City by the Sea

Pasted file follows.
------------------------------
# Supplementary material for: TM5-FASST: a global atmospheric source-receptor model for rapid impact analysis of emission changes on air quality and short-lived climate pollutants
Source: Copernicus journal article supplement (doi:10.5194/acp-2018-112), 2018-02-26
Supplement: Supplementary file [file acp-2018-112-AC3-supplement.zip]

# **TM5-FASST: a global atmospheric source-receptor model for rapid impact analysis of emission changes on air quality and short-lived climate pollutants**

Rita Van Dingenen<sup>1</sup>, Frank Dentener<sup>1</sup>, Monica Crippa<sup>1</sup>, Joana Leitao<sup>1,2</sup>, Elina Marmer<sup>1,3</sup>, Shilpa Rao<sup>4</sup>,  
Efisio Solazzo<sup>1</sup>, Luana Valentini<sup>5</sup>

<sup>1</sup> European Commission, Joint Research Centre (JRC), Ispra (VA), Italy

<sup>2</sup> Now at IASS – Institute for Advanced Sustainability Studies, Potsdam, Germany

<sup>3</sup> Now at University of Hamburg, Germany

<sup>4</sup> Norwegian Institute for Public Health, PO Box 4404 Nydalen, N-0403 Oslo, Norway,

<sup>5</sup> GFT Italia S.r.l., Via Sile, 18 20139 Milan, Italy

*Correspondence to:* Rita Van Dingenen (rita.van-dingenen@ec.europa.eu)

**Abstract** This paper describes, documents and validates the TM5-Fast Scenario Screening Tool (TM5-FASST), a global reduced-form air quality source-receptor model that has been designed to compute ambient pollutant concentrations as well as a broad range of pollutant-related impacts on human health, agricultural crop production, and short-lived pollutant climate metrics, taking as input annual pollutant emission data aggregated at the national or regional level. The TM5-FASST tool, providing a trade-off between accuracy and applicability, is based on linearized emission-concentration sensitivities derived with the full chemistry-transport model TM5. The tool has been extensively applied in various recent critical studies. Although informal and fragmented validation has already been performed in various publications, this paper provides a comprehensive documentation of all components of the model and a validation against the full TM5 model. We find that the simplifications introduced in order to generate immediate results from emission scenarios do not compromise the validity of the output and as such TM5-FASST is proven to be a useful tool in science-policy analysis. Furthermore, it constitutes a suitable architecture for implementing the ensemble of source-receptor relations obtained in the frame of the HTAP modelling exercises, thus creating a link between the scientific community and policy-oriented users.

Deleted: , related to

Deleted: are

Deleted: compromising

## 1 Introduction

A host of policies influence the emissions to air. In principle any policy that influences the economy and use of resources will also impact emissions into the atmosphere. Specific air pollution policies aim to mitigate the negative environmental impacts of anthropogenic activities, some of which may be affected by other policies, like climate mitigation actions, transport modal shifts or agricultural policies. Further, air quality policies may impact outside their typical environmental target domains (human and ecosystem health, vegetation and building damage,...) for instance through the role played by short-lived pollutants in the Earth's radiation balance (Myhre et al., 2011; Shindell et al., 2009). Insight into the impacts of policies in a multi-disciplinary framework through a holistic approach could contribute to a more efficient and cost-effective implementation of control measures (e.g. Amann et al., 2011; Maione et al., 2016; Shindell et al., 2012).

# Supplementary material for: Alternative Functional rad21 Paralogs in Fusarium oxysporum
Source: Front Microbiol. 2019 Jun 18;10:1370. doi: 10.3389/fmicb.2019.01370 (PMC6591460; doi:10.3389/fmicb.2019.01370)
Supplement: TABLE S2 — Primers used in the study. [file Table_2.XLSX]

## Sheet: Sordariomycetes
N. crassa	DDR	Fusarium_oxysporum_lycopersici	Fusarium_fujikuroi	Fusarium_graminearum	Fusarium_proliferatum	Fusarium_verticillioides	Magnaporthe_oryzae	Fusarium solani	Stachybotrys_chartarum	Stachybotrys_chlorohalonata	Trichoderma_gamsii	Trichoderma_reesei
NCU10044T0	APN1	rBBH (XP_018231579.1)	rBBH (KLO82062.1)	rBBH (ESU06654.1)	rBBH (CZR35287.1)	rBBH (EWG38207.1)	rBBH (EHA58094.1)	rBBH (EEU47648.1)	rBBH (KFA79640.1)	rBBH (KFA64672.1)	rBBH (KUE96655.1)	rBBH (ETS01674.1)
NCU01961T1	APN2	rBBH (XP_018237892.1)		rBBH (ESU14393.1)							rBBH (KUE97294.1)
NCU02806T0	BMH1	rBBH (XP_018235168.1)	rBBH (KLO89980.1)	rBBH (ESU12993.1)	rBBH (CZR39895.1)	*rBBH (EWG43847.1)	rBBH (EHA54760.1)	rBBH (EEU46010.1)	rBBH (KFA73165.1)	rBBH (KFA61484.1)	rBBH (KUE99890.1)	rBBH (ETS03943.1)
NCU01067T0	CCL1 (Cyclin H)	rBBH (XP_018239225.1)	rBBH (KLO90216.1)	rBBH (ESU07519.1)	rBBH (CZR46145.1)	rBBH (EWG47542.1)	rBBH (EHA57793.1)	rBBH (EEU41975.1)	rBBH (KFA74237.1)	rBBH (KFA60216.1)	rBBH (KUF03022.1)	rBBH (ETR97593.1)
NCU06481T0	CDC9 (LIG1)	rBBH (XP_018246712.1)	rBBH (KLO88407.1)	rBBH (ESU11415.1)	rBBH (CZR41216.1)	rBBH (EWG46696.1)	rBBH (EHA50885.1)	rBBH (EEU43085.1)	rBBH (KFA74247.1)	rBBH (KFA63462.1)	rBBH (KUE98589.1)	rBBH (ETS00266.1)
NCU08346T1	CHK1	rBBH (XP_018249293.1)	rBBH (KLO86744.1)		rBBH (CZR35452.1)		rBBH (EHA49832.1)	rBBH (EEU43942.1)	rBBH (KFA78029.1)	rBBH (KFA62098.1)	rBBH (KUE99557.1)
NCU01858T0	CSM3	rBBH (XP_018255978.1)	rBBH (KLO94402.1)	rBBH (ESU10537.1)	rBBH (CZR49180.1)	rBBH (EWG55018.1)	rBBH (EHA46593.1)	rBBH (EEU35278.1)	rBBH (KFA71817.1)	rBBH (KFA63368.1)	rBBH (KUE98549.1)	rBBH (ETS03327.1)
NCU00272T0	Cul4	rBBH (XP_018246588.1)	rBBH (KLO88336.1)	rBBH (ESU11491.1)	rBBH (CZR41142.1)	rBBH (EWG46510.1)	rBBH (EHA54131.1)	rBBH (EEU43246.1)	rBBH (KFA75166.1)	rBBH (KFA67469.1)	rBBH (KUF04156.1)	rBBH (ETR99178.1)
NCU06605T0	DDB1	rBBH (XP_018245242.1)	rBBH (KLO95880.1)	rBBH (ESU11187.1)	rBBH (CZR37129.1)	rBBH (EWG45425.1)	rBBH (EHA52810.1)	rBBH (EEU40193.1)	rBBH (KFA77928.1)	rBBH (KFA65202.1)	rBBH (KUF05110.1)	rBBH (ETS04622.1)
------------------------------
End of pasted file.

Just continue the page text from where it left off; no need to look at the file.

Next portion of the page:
Is Robert De Niro going through a mid-life crisis? De Niro used to stand for everything great about '70s filmmaking, with his no-holds-barred portraits of sometimes insane men who were impossible to ignore. He shaped an entire generation of actors and forged an American ideal of an actor who worked in total synchronization with a favorite director. But his last film for Martin Scorsese was in 1995 (Casino), and the body of De Niro's work has since become concerned with doing generic comedies and kids films. And though there have been some gems since, Bobby seems to have lost his fool mind, and between watching his 2001 film The Score and 2002's City by the Sea one gets the sense that he doesn't like growing older either. Here he plays Det. Vincent La Marca, a cop who finds out that his son Joey (James Franco) has been involved in a murder. Such gets more complicated when Joey becomes the prime suspect in his partner's death, though it was the poorly mulleted drug dealer Spyder (William Forsythe) behind that killing, and now Spyder's gunning for Joey. Since Vincent was the son of a convicted murderer, he now has to face the possibility that Joey has followed in his grandfather's footsteps. City by the Sea is about how Vincent didn't do a good job of raising his kid, which his shrew ex-wife (Patti LuPone) seems to have kept from him. But then, instead of making Vincent a deeply flawed character, De Niro gives what could be the laziest and least-interesting performance of his career (though 2002 was a banner year for bad De Niro, with this, Showtime, Analyze That, and his cue-card-stained Saturday Night Live gig). This is made all the more regrettable considering that James Franco's performance as Joey actually makes one believe that this Hollywood pretty boy is a strung-out loser (unlike Eliza Dushku, who is thoroughly unconvincing as his reformed girlfriend). His character is fascinating, the kind De Niro would have been great at in his prime. But Joey is relegated to the background after the first half-hour to make way for De Niro and his commitment issue with his new love interest (Frances McDormand), which is supposed to signify something important about his relationship with his son. In perfect baby-boomer fashion, City by the Sea becomes about how everything is solipsiticly about Vincent: It seems Joey became a drug addict because Vincent didn't go to his football games; when the story finally gets to his teary-eyed speech to his son, it seems that everything once great about De Niro has been forgotten. Warner Brothers' DVD release of City by the Sea is separately available in anamorphic widescreen (2.35:1) and pan-and-scan versions. Both feature Dolby Digital 5.1 audio. Extras consist of an audio commentary by producer Mathew Baer and screenwriter Ken Hixon, a featurette entitled Six Words about Filmmaking with Michael Caton-Jones, and the theatrical trailer. Snap-case.
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